Magdalene House: Helping Women in Transition

Published 08/27 2014 11:47AM

Updated 08/27 2014 11:52AM

Inmate portraits from local photographer Andrew Kilgore on display Friday night at St. Paul’s Episcopal Church.
Inmate portraits from local photographer Andrew Kilgore on display Friday night at St. Paul’s Episcopal Church./Fayetteville Flyer
FAYETTEVILLE, AR -- Work is underway to provide funding for a home and sanctuary for women recovering from violence, prostitution, trafficking, addiction and incarceration. 

Friday's fundraiser, held at St. Paul's Episcopal, was a way to introduce Magdalene House to the public. The house is modeled after facilities in Memphis and Nashville, that serves as safe, supportive transitional housing for women coming out of prison and on their way to rebuilding their lives. Most or all have drug addictions, were sexually abused as teens and were prostitutes.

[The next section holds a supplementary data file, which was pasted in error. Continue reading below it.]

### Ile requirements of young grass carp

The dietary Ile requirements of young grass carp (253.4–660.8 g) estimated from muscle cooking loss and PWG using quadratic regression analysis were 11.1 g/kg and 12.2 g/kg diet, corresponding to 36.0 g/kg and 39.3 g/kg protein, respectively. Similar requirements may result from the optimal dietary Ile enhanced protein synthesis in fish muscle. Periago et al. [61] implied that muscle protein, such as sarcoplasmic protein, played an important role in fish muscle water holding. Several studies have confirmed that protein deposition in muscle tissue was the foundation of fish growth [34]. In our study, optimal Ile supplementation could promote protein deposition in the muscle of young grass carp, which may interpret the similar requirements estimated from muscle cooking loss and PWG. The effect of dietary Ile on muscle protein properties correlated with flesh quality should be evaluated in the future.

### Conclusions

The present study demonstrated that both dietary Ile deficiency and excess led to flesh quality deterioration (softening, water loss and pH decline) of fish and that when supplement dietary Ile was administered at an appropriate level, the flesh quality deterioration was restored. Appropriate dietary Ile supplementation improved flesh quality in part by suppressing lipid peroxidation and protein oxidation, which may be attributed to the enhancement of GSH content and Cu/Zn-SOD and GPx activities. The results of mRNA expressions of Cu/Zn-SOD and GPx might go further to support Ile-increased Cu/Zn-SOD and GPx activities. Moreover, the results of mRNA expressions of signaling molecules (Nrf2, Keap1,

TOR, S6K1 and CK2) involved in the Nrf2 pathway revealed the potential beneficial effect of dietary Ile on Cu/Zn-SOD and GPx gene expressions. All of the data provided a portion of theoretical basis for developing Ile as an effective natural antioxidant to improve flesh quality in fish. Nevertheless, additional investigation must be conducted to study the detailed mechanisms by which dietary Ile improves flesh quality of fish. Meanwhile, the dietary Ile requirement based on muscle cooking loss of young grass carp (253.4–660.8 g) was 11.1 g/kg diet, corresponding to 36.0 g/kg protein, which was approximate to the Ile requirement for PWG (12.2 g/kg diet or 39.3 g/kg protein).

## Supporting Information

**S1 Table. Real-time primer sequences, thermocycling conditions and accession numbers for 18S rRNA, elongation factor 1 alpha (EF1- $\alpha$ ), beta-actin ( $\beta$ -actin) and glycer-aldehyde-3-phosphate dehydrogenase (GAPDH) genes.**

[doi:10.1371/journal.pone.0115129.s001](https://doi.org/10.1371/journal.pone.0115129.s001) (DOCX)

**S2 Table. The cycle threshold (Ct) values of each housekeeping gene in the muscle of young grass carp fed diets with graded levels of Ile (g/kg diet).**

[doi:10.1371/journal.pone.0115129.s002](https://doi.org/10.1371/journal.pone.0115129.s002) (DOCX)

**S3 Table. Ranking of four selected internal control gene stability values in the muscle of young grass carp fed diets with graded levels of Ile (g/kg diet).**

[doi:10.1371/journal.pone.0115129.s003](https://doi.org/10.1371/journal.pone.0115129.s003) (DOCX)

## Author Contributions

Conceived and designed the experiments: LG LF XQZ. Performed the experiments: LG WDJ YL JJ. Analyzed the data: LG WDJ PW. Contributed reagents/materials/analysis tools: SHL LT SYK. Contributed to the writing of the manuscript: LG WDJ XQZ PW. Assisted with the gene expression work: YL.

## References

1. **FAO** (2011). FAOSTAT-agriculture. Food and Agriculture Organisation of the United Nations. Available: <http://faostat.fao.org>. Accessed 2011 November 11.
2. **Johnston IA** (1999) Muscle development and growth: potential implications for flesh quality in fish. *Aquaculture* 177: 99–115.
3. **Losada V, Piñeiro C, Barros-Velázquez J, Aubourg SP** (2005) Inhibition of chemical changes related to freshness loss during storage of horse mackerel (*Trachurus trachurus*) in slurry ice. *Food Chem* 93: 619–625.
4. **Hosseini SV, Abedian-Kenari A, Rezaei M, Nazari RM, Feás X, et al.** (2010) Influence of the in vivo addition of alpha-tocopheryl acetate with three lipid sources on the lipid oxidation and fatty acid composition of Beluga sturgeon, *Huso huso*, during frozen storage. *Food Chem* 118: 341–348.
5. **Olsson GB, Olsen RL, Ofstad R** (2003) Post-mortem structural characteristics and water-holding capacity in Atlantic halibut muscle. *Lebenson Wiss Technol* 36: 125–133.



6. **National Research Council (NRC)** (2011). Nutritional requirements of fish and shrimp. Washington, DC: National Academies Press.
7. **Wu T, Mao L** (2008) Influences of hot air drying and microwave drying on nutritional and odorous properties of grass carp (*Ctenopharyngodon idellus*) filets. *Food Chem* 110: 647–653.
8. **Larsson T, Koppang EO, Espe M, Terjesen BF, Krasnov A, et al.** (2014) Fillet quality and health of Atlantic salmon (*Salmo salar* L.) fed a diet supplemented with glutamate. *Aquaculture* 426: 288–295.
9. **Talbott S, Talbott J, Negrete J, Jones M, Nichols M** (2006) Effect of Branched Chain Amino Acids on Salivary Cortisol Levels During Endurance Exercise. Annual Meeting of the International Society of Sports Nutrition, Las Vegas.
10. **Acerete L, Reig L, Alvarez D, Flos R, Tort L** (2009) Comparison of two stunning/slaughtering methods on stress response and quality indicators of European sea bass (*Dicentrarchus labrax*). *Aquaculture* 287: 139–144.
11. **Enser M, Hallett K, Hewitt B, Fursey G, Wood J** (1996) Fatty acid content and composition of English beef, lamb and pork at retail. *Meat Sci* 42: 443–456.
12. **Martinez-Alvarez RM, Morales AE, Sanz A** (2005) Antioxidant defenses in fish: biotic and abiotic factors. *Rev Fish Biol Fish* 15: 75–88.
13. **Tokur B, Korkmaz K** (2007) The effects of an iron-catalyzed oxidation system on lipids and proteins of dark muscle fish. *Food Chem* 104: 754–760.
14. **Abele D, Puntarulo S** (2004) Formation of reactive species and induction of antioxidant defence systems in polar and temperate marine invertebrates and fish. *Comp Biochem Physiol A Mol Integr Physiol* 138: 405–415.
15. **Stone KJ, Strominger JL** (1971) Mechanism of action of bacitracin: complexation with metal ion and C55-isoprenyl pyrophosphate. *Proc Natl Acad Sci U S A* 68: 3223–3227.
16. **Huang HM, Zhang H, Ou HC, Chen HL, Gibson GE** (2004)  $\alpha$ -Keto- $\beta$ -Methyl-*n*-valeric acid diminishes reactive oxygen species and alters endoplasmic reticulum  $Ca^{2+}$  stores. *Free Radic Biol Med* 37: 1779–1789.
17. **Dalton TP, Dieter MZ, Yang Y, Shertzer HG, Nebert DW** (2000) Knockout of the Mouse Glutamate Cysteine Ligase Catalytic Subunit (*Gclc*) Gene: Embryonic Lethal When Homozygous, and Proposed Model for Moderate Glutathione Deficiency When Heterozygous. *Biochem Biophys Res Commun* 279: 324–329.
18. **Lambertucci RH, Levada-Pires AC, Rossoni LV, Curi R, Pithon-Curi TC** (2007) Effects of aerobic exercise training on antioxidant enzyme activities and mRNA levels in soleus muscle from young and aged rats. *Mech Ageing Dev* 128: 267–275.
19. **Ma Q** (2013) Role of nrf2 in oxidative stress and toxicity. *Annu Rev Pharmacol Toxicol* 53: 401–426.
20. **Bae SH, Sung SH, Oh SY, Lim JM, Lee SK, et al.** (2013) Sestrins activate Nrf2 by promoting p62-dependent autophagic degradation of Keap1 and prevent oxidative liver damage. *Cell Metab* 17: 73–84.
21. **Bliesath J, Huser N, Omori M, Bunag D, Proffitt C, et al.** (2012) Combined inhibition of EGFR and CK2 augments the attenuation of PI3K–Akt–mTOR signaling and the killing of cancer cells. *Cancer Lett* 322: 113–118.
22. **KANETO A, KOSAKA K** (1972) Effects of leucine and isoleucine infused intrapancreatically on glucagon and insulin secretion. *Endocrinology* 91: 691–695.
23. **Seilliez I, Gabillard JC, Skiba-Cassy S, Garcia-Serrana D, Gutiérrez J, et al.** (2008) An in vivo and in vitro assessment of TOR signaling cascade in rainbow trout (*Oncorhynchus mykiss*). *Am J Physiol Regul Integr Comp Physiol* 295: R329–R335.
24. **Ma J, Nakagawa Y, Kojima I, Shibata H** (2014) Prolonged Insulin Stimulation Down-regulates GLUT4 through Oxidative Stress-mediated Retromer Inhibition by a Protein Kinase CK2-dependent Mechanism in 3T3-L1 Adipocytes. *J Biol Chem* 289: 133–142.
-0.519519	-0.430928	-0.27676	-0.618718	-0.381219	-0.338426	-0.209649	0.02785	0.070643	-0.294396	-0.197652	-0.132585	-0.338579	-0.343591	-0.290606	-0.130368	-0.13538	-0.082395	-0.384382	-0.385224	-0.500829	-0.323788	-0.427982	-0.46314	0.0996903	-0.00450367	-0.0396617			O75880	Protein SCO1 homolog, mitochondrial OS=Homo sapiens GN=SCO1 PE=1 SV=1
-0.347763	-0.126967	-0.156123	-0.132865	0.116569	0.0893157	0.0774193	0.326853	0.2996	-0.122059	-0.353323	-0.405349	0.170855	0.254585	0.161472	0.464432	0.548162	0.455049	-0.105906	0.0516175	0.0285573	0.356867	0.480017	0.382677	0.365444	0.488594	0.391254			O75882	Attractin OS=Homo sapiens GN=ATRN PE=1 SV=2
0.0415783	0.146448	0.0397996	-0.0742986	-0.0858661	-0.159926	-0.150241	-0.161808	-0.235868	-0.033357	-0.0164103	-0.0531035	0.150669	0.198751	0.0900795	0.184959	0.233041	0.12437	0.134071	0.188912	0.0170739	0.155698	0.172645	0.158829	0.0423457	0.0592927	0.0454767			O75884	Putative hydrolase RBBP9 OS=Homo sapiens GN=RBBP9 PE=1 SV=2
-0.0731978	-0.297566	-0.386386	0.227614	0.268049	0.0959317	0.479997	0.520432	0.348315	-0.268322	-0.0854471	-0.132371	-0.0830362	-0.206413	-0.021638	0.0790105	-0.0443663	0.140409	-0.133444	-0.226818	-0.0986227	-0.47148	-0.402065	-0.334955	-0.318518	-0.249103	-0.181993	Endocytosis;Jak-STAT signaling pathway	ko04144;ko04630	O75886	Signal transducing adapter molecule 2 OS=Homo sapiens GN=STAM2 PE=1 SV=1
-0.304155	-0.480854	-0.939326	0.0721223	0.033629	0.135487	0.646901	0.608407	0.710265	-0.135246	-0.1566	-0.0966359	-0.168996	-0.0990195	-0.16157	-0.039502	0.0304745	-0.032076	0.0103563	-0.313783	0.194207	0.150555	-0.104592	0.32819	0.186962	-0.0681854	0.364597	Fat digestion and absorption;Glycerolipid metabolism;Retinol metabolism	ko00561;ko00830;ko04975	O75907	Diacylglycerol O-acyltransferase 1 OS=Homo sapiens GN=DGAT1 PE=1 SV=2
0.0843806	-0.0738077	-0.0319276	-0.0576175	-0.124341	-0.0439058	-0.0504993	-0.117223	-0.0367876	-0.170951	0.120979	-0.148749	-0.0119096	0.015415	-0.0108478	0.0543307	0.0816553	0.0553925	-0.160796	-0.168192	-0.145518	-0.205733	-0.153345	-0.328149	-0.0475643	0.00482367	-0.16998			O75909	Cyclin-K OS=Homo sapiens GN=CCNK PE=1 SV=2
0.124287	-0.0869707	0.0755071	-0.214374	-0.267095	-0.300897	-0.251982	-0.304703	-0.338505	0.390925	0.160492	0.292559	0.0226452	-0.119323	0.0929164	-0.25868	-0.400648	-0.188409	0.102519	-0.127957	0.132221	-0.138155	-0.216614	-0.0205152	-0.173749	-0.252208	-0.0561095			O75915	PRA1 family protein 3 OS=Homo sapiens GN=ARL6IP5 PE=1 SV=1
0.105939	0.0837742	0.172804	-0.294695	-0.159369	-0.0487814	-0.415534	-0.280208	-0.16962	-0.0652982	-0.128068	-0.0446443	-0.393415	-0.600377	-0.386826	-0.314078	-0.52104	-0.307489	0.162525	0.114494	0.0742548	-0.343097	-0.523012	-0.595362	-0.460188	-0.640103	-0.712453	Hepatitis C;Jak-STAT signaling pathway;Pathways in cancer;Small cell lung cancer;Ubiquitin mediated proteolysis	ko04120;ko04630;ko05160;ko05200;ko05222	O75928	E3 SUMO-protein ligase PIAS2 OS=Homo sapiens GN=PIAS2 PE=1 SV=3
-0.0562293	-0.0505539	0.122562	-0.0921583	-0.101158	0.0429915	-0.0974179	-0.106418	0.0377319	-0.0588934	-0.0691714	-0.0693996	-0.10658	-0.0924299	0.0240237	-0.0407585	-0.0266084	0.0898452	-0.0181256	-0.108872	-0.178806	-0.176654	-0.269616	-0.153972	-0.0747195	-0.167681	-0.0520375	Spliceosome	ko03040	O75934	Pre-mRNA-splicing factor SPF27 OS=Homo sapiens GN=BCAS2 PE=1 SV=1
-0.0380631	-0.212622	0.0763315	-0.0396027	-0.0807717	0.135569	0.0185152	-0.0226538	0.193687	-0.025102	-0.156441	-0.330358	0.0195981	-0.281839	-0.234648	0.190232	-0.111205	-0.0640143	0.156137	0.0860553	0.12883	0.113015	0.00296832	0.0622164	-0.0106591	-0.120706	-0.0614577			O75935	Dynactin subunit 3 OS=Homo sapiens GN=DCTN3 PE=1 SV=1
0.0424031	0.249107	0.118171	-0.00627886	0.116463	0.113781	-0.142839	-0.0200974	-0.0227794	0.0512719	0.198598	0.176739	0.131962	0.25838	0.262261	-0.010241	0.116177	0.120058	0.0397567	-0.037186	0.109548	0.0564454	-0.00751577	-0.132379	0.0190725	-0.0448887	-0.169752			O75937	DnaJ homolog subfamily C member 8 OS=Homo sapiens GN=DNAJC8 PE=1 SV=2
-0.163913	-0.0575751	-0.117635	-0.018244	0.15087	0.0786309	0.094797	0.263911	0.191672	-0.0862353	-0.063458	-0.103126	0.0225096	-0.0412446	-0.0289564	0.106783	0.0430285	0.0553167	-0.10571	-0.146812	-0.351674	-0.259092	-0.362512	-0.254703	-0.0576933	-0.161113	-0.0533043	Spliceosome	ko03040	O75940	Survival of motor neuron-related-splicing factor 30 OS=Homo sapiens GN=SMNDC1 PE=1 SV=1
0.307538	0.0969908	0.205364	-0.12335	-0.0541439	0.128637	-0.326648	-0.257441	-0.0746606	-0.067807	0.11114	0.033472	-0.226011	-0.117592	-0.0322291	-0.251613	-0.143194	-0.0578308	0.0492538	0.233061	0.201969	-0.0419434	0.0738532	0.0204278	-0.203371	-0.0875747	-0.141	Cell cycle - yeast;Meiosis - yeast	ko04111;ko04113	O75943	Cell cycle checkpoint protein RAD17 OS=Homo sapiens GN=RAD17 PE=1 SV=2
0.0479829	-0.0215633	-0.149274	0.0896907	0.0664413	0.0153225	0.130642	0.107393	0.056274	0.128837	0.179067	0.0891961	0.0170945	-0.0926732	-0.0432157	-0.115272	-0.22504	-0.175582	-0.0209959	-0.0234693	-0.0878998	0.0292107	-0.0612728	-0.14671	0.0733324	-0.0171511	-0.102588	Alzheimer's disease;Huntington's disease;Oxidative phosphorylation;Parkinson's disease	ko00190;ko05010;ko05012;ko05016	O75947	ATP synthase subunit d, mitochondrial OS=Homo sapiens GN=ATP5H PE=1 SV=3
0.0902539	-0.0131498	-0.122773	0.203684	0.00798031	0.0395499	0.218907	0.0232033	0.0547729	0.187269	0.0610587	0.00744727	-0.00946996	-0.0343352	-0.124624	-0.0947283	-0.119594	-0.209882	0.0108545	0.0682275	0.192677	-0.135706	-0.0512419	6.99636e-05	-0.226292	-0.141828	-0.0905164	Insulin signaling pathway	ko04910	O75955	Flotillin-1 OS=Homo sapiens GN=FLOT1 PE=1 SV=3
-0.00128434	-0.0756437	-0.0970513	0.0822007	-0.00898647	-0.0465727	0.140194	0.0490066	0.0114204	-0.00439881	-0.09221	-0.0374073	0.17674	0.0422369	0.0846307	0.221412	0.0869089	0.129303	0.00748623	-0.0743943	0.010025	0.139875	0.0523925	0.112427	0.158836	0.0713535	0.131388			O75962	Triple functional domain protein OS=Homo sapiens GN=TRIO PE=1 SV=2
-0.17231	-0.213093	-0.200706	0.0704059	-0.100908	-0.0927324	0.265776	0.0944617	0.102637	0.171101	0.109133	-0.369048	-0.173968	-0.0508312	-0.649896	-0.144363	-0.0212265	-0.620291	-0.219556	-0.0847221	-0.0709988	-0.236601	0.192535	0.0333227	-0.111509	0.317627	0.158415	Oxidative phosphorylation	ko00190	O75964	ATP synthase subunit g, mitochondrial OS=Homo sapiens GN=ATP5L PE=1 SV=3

Magdalene Fayetteville's first home will house six women for two years and will provide safety, acceptance, and access to medical and dental care, therapy, education and job training free of charge.

The project is modeled after the Magdalene house in Nashville, Tenn., founded by Rev. Becca Stevens in 1997. Magdalene Nashville houses over 30 women and runs Thistle Farms, a $1 million social enterprise providing employment and job training to Magdalene residents and graduates.

To read more about this project, click here and here.

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